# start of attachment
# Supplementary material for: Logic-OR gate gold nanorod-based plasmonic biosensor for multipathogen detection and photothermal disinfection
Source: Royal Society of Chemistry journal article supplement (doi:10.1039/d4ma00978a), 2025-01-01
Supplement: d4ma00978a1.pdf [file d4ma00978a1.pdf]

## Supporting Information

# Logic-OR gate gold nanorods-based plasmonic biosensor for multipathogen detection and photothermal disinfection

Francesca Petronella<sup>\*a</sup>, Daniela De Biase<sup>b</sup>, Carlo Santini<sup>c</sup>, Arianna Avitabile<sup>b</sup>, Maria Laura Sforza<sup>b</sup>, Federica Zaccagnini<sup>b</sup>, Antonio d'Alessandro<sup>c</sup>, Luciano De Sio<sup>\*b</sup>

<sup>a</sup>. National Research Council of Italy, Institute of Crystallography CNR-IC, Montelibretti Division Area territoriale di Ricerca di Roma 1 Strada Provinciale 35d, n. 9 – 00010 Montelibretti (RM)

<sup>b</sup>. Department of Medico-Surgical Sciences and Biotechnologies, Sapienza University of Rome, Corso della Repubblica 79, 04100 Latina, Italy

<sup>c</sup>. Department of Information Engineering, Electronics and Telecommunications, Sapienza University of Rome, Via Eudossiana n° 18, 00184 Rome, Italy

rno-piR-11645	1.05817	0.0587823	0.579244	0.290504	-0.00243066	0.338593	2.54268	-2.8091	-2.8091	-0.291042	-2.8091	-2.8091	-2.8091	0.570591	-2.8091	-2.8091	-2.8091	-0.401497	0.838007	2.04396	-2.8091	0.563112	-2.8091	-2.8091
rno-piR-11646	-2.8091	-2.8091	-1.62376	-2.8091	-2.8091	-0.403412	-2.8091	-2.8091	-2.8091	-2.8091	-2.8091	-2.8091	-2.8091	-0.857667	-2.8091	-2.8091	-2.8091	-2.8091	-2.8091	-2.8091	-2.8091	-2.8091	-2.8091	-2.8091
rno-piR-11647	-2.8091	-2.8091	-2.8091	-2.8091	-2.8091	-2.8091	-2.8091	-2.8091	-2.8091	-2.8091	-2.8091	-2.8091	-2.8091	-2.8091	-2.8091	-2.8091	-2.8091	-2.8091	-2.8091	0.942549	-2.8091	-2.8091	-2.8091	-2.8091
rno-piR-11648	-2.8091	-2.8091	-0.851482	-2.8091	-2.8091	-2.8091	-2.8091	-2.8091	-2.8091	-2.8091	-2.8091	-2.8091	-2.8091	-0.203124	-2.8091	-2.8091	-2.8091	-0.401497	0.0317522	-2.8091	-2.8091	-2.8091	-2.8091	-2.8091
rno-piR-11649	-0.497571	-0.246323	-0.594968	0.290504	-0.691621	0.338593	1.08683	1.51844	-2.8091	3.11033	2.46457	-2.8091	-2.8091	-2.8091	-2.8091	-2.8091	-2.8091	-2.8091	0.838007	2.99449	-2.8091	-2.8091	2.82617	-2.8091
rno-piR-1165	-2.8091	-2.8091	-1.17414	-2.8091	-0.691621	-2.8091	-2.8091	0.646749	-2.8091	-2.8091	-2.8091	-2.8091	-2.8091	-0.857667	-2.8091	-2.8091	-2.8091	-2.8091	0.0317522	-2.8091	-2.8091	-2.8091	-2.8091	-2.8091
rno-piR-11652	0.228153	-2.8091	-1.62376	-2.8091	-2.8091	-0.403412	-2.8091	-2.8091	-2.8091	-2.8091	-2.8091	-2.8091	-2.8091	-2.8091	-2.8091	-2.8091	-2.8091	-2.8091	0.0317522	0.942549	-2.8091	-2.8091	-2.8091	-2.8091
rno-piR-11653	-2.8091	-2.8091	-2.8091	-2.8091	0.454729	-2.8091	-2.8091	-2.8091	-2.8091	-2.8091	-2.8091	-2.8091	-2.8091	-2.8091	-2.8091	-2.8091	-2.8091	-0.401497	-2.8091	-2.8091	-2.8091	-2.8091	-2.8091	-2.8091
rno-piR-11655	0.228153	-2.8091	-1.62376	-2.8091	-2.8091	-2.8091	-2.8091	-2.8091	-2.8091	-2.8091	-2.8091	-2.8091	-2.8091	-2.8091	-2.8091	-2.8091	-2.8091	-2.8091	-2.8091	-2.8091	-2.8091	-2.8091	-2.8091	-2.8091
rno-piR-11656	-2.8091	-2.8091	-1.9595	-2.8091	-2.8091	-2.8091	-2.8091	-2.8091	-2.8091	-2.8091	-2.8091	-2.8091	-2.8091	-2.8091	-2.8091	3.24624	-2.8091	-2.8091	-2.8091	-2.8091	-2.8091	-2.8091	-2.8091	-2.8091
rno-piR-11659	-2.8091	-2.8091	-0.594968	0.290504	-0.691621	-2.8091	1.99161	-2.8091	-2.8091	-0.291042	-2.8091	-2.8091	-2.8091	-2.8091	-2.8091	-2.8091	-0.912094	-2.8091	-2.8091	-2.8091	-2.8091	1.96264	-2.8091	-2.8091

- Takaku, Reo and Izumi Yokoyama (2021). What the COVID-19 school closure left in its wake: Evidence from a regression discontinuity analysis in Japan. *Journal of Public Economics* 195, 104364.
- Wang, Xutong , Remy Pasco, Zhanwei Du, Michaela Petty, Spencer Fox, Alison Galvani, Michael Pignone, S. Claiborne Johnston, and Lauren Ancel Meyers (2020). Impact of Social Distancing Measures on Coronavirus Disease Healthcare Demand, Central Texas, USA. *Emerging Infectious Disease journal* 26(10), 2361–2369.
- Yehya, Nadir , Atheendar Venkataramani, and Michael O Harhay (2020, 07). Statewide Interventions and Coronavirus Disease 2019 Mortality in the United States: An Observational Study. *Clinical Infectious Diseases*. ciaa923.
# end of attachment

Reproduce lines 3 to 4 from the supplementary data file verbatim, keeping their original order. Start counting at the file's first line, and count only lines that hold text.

Supplement: d4ma00978a1.pdf [file d4ma00978a1.pdf]

## Supporting Information